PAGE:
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Occasionally when I am writing a sentence, I end up in a situation where I do not know whether to use the singular or plural form of a noun because I used both just prior to it in a conjunction.

For example:

The worst, and one of the most common, problems is […]

One of the most common, and generally worst, problem is […]

Should problem be singular or plural in those sentences? Is there a rule for situations like this? (It certainly doesn’t help that for one of the most common problems is has is instead of are right next to a plural noun.)


Update

Here is another example which (along with its non-contraction versions) does not fit the currently accepted answer.

JavaScript / Bookmarklets don’t work […]

Bookmarklets / JavaScript doesn’t work […]

In fact, the sentence before the above example with the parenthesized segment is itself confusing as to whether the next word should be does or do.

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2 Answers 2

There are two related problems here. First, the idiom one of the X always has a plural noun as X, even when there is an intervening phrase or modifier, and even if that modifier seems to want a singular head, as is the case with your One of the most common, and generally worst problem[s]. So the simple answer is that problems is correct in both of the sentences given above.

The related problem that you alluded to is the fact that the singular verb is occurs in close proximity to the plural noun problems. This is misleading: the number of the verb is determined by the number of the verb's subject, and the subject of the verb in your examples is One. The fact that one is modified by a prepositional phrase with a plural object does not change the number of the subject.

(There are some exceptions to the rule given above, but none of those exceptions apply to the phrase one of.)

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I think he was thinking of "the worst problem" (singular) which is also "one of the most common problems". So perhaps "The worst problem, and one of the most common problems, is…", or "One of the most common problems, and the worst, is…" both of which are awkward. –  ShreevatsaR Mar 1 '11 at 5:47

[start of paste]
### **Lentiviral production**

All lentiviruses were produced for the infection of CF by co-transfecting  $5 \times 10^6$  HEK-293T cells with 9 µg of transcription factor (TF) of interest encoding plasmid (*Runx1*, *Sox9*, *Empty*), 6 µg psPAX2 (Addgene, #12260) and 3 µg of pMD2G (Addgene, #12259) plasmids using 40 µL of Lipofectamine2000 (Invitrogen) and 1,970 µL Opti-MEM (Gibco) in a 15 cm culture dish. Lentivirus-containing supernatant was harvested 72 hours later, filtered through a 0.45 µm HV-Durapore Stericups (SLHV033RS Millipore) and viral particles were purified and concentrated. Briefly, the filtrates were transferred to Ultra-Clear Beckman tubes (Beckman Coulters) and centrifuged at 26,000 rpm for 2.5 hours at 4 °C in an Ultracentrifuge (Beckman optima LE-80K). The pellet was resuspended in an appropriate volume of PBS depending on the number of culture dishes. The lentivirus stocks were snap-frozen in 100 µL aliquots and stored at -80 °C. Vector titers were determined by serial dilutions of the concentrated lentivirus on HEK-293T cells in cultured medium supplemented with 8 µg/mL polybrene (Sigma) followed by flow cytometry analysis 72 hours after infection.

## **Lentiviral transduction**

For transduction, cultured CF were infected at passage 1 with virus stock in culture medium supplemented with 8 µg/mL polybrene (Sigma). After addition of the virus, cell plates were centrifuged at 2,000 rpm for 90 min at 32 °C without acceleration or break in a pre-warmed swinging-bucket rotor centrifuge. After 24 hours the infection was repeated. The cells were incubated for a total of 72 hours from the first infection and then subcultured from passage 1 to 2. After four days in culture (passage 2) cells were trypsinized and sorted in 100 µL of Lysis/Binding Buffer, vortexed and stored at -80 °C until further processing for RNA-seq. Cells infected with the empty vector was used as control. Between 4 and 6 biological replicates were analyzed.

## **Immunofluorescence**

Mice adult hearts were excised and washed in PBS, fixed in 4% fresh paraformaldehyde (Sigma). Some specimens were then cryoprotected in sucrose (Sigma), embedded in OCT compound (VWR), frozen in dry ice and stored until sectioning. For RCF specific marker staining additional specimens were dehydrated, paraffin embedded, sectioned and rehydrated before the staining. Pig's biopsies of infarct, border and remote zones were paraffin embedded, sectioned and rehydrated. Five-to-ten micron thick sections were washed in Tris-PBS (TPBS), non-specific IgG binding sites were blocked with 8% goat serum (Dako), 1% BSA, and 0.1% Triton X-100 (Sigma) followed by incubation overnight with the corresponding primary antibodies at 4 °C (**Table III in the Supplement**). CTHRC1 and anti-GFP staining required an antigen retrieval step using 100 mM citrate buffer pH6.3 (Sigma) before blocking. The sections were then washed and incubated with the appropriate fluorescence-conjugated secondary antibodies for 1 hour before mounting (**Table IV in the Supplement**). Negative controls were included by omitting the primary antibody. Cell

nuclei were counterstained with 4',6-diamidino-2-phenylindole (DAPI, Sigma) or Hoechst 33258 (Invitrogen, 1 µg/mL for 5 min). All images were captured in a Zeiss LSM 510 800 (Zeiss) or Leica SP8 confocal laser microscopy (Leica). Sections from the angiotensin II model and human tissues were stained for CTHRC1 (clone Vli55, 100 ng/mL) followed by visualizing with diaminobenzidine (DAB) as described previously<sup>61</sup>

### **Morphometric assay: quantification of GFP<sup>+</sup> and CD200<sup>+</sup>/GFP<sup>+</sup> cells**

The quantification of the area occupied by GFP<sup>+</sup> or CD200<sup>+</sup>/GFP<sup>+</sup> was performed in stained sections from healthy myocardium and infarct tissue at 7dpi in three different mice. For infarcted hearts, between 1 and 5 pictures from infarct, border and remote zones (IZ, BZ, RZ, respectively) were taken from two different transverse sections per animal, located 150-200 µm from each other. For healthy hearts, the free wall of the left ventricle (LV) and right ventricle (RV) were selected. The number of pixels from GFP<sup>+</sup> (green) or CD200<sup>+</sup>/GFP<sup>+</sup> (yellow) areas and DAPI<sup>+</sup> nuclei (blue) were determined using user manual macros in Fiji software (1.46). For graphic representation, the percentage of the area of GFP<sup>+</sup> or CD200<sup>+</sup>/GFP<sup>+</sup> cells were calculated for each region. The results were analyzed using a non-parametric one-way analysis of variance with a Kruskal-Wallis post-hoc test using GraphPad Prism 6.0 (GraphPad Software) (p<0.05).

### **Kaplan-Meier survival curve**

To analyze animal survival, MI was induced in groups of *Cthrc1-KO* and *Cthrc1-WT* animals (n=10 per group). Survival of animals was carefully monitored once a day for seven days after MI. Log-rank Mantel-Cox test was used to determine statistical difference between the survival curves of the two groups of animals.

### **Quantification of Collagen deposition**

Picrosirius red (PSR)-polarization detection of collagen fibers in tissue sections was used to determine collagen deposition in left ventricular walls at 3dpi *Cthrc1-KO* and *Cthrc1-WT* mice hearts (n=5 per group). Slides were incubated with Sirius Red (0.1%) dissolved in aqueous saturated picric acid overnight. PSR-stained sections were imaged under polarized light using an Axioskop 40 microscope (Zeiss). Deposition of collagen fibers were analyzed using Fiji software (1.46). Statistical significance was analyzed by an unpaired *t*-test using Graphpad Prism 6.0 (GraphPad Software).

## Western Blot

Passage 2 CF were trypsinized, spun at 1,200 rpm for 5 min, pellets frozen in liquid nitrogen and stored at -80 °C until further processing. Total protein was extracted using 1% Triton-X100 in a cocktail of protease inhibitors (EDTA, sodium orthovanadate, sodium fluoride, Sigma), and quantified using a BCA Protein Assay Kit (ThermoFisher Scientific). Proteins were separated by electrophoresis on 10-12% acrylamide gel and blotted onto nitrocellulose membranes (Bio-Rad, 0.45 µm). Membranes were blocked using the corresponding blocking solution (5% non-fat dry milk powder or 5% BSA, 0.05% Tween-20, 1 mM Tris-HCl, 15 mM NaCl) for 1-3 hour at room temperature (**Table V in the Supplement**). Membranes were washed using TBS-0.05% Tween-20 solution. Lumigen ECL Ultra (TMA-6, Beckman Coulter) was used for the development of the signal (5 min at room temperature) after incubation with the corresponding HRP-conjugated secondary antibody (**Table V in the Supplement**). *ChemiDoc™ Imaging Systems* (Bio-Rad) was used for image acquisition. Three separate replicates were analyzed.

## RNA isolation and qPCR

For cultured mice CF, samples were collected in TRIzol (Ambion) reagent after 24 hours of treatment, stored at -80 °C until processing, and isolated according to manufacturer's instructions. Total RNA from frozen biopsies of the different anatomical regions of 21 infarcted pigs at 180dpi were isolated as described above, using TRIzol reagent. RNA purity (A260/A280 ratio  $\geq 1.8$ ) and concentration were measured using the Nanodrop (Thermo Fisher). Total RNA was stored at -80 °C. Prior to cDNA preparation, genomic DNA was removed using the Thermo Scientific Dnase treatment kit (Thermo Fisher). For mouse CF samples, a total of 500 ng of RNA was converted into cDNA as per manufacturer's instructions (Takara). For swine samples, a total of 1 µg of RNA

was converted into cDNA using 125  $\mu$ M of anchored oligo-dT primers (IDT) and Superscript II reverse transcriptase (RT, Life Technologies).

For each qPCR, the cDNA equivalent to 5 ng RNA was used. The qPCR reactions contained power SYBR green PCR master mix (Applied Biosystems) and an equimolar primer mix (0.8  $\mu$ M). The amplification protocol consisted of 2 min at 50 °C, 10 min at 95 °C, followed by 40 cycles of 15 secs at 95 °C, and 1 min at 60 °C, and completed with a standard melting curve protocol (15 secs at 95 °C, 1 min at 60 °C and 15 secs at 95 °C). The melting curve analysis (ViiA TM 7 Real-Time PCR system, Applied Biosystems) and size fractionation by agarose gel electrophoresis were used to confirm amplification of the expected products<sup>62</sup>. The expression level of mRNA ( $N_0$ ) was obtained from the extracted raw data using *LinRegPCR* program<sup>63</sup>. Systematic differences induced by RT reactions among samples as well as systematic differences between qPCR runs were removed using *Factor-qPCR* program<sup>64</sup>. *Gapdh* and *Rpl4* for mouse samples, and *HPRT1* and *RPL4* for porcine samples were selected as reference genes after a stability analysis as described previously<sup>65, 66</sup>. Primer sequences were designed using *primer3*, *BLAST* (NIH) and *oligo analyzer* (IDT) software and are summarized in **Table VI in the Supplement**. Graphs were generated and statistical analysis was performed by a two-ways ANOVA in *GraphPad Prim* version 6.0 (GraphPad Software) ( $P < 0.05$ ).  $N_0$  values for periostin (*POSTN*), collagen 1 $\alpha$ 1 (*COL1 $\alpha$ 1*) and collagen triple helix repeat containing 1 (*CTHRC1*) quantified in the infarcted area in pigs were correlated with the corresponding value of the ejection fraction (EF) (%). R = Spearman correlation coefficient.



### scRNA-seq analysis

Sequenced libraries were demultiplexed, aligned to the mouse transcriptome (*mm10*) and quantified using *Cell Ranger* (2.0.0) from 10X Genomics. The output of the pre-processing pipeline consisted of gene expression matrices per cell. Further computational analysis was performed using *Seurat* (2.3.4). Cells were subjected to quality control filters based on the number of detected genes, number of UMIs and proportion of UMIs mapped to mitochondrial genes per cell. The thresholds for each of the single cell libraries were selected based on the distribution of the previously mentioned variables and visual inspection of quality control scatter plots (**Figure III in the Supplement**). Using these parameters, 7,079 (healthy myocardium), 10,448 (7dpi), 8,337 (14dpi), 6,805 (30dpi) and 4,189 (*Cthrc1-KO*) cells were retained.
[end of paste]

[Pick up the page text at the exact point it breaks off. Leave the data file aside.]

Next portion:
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If you strip out BOTH adjectives, you're left with this:

One of the problems is...

So to make the nouns agree, you use the plural, rendering it thusly:

One of the worst and most common problems is

To fix the first sentence, you'll just have to restructure it because you're trying to marry two separate ideas, that it is THE worst (not merely 'one of the worst') and that it is ONE OF the most common.

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+1. I agree. The first sentence cannot be fixed without restructuring. It could be done like this: "the worst problem, and one of the most common problems, is ...", or "the worst problem, which is among of the most common ones, is ...". P.S. You might want to indicate more clearly in your answer that you are dealing with the second sentence first. –  Cerberus Feb 14 '11 at 18:53
    
but with the second one, you end up with problems is. How does one reconcile the plural problems with the singular is? Oops, nevermind, JSBangs has addressed that. –  Synetech Feb 14 '11 at 19:32
    
Put simply, because "is" agrees with "one", not "problems". –  Chris B. Behrens Feb 14 '11 at 20:36
    
According to a certain line of logic, you would expect to have to restructure. But in reality, this kind of sentence occurs naturally in English (with plural "problems is..." in both cases). –  Neil Coffey Feb 14 '11 at 20:43
    
I don't know whether this is a grammatically sensible way of looking at it, but, in fact, there is only one subject. The subject is the worst [problem] (with the word problem being implied) - and that also happens to be the most common problem. Effectively you are saying The worst problem - which also happens to be the most common problem - is .... –  TrevorD May 16 '13 at 11:22
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